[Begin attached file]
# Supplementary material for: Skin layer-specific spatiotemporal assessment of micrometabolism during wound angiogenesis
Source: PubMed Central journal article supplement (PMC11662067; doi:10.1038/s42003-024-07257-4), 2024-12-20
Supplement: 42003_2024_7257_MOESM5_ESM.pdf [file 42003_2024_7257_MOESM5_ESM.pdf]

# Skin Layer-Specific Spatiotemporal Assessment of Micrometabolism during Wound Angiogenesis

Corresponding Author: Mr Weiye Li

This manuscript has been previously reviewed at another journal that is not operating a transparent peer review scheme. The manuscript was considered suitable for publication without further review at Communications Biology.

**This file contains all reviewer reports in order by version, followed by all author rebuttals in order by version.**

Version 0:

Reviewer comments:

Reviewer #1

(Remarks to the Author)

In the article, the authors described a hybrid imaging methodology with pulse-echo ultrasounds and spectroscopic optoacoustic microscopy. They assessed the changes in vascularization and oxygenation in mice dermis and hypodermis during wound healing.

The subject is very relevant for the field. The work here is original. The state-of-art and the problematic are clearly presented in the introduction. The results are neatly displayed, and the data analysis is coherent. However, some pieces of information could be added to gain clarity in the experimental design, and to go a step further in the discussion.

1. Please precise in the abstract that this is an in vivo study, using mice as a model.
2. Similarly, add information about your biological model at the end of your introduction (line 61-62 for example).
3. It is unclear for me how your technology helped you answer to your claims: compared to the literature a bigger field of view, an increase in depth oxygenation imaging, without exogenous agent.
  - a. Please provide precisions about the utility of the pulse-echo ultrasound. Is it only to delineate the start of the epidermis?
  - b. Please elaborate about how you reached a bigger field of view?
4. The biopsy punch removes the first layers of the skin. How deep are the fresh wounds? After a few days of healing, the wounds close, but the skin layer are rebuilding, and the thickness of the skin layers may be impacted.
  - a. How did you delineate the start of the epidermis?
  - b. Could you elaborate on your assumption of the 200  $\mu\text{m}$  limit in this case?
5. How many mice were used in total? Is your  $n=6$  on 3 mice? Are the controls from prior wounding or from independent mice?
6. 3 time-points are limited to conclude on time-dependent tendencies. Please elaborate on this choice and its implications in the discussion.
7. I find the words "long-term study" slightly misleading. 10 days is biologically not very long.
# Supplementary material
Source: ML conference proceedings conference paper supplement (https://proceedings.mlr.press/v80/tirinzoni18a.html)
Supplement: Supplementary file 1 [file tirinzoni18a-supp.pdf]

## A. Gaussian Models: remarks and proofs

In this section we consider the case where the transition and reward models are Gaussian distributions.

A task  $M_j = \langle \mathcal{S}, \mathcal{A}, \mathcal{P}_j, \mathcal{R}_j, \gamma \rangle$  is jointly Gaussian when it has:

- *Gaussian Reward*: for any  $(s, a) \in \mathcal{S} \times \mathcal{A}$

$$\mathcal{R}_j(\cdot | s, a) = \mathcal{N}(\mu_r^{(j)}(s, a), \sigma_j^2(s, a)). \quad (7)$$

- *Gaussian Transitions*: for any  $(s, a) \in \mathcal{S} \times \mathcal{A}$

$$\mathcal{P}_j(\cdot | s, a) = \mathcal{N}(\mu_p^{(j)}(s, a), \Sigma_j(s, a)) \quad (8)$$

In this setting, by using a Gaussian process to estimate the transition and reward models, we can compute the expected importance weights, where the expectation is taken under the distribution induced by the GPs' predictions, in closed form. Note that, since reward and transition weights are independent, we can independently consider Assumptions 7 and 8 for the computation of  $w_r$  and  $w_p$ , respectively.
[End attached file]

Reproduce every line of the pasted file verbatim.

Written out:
# Supplementary material for: Skin layer-specific spatiotemporal assessment of micrometabolism during wound angiogenesis
Source: PubMed Central journal article supplement (PMC11662067; doi:10.1038/s42003-024-07257-4), 2024-12-20
Supplement: 42003_2024_7257_MOESM5_ESM.pdf [file 42003_2024_7257_MOESM5_ESM.pdf]

# Skin Layer-Specific Spatiotemporal Assessment of Micrometabolism during Wound Angiogenesis

Corresponding Author: Mr Weiye Li

This manuscript has been previously reviewed at another journal that is not operating a transparent peer review scheme. The manuscript was considered suitable for publication without further review at Communications Biology.

**This file contains all reviewer reports in order by version, followed by all author rebuttals in order by version.**

Version 0:

Reviewer comments:

Reviewer #1

(Remarks to the Author)

In the article, the authors described a hybrid imaging methodology with pulse-echo ultrasounds and spectroscopic optoacoustic microscopy. They assessed the changes in vascularization and oxygenation in mice dermis and hypodermis during wound healing.

The subject is very relevant for the field. The work here is original. The state-of-art and the problematic are clearly presented in the introduction. The results are neatly displayed, and the data analysis is coherent. However, some pieces of information could be added to gain clarity in the experimental design, and to go a step further in the discussion.

1. Please precise in the abstract that this is an in vivo study, using mice as a model.
2. Similarly, add information about your biological model at the end of your introduction (line 61-62 for example).
3. It is unclear for me how your technology helped you answer to your claims: compared to the literature a bigger field of view, an increase in depth oxygenation imaging, without exogenous agent.
  - a. Please provide precisions about the utility of the pulse-echo ultrasound. Is it only to delineate the start of the epidermis?
  - b. Please elaborate about how you reached a bigger field of view?
4. The biopsy punch removes the first layers of the skin. How deep are the fresh wounds? After a few days of healing, the wounds close, but the skin layer are rebuilding, and the thickness of the skin layers may be impacted.
  - a. How did you delineate the start of the epidermis?
  - b. Could you elaborate on your assumption of the 200  $\mu\text{m}$  limit in this case?
5. How many mice were used in total? Is your  $n=6$  on 3 mice? Are the controls from prior wounding or from independent mice?
6. 3 time-points are limited to conclude on time-dependent tendencies. Please elaborate on this choice and its implications in the discussion.
7. I find the words "long-term study" slightly misleading. 10 days is biologically not very long.
# Supplementary material
Source: ML conference proceedings conference paper supplement (https://proceedings.mlr.press/v80/tirinzoni18a.html)
Supplement: Supplementary file 1 [file tirinzoni18a-supp.pdf]

## A. Gaussian Models: remarks and proofs

In this section we consider the case where the transition and reward models are Gaussian distributions.

A task  $M_j = \langle \mathcal{S}, \mathcal{A}, \mathcal{P}_j, \mathcal{R}_j, \gamma \rangle$  is jointly Gaussian when it has:

- *Gaussian Reward*: for any  $(s, a) \in \mathcal{S} \times \mathcal{A}$

$$\mathcal{R}_j(\cdot | s, a) = \mathcal{N}(\mu_r^{(j)}(s, a), \sigma_j^2(s, a)). \quad (7)$$

- *Gaussian Transitions*: for any  $(s, a) \in \mathcal{S} \times \mathcal{A}$

$$\mathcal{P}_j(\cdot | s, a) = \mathcal{N}(\mu_p^{(j)}(s, a), \Sigma_j(s, a)) \quad (8)$$

In this setting, by using a Gaussian process to estimate the transition and reward models, we can compute the expected importance weights, where the expectation is taken under the distribution induced by the GPs' predictions, in closed form. Note that, since reward and transition weights are independent, we can independently consider Assumptions 7 and 8 for the computation of  $w_r$  and  $w_p$ , respectively.